4. fotodoug

    fotodoug TPF Noob!

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    Yes, you can do all that...but if you want to be a lumberjack, you don't first buy a saw mill. If you first learn how to see light, how to interpret what you see, and how to look for the places that kind of light exists, you learn what light is and why it is the only thing important in photography. If you can make wonderful photos with existing light, it becomes easy to do it with anything else. I don't think I am disagreeing with you...I just think that people get caught up in equipment and miss what photography is all about....................LIGHT!
     
  5. mrca

    mrca No longer a newbie, moving up!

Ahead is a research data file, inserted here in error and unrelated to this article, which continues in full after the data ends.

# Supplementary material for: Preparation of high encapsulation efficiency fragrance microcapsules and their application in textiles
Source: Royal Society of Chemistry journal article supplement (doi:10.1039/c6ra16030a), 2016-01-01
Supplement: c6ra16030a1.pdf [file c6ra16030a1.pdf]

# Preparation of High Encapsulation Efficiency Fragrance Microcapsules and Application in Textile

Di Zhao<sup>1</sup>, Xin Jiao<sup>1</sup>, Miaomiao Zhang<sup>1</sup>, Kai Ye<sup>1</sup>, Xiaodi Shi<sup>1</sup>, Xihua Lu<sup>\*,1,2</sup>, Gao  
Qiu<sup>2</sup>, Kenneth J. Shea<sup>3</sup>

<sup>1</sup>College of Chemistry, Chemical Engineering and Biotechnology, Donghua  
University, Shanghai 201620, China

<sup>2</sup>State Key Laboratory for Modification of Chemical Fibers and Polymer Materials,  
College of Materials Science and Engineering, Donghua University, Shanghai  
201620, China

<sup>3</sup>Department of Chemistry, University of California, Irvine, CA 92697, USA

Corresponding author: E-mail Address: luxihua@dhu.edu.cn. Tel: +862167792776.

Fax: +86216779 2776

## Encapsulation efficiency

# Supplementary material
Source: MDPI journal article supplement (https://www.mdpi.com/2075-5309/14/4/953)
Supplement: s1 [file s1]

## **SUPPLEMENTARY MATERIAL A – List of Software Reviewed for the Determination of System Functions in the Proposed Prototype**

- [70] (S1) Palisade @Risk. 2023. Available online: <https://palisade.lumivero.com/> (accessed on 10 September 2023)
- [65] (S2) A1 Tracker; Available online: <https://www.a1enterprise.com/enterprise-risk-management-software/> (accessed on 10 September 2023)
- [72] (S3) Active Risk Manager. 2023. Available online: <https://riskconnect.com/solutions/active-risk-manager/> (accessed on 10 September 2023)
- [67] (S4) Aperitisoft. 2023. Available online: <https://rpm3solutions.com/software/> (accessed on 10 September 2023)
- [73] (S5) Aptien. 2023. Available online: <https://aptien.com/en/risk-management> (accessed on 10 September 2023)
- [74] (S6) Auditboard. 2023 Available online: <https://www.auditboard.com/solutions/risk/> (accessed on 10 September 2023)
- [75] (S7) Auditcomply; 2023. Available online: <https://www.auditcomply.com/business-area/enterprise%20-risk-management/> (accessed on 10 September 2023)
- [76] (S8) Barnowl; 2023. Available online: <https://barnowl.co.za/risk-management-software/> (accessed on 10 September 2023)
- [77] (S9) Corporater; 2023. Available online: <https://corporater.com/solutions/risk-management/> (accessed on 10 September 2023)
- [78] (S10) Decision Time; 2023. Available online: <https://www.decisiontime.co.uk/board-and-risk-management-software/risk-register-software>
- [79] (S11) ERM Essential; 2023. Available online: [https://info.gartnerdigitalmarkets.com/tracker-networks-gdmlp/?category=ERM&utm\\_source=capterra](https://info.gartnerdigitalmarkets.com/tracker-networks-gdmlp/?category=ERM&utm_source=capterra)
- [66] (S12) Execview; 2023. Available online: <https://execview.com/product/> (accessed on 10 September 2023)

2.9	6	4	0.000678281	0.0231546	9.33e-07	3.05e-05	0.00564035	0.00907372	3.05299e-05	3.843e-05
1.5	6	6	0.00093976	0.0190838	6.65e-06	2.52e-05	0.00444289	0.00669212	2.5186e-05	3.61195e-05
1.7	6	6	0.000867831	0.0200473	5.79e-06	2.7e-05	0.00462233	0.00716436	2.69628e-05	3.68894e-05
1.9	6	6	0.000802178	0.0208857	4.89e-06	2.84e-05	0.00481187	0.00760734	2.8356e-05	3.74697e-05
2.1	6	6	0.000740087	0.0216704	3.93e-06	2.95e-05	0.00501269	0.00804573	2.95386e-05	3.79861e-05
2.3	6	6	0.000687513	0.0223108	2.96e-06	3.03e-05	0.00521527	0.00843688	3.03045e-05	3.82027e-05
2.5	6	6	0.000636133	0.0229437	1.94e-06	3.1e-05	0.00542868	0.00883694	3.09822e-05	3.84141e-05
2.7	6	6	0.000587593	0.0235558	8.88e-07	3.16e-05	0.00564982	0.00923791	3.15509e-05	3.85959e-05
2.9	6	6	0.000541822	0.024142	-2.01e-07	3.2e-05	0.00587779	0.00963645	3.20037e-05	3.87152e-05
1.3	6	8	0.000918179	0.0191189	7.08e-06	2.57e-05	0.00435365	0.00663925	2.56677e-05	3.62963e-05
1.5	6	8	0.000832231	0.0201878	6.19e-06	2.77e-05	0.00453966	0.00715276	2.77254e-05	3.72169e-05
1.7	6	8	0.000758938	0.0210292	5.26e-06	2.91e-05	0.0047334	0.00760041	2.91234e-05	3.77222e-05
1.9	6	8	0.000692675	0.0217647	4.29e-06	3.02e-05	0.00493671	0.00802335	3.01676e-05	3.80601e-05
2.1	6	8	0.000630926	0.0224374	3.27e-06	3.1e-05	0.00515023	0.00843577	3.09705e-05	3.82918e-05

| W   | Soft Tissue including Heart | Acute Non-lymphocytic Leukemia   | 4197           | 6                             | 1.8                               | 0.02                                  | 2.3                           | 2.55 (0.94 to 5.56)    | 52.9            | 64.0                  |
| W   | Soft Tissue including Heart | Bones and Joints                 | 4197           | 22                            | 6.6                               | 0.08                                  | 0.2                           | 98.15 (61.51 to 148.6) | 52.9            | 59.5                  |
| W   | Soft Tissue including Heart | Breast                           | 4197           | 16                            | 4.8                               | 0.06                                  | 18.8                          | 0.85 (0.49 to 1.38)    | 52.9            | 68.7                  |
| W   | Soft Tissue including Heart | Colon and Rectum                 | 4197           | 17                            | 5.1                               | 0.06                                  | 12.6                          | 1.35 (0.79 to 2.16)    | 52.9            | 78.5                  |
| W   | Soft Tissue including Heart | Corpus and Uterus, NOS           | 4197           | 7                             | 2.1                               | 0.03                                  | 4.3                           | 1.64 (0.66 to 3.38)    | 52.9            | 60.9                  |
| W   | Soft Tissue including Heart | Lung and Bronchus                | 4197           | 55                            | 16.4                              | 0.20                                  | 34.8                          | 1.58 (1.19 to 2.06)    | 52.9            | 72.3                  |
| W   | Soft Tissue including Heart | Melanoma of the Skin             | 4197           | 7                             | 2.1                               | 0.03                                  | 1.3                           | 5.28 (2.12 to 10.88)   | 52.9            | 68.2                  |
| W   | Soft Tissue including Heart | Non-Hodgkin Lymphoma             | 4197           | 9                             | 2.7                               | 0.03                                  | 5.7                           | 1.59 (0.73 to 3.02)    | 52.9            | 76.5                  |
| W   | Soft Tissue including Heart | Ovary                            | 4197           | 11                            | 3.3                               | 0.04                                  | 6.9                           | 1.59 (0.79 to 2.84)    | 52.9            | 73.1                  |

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    I think we agree completely. That C word, camera, is nothing but a recorder, a LIGHT recorder. When painters apprenticed with a master, they didn't start painting masterpieces, they started making paint, the medium they worked in, Photographers need to do the same. And as your wonderful photo shows, you don't need expensive gear to make great images. As a matter of fact, none at all. I think what misleads beginners is they hear all the manufacturers ads for the latest greatest one trick pony gimmick. Also, they see folks like us using some specialized gear, sometimes in some unconventional ways and believe it is the gear that makes the photo. The gear makes the photo no more than the saw makes the furniture or the house. Had a mentor that when I got a few new lights hung them all for a shot out doors. It was a good shot and expected kudos on a job well done. Instead, he asked why I used lights. Just because I had them? Then sent me down another path when he said, you had a rare overcast day in your area, soft light. Why didn't you subtract light on the shadow side to get the desired contrast ratio, no lights need be hung or torn down, no battery packs. Just a piece of black fabric or a tree trunk or dark wall. With your experience, you can reach into a bag of tricks and have 3 or 4 ways to accomplish your vision, and if there with minimal or no gear, will usually get the shot. It's not the gear, it's the person "making" the shot. And for me, sometimes having to "adapt, improvise, over come" per Clint in Heart Break Ridge, is not only the challenge of location work but is really fun.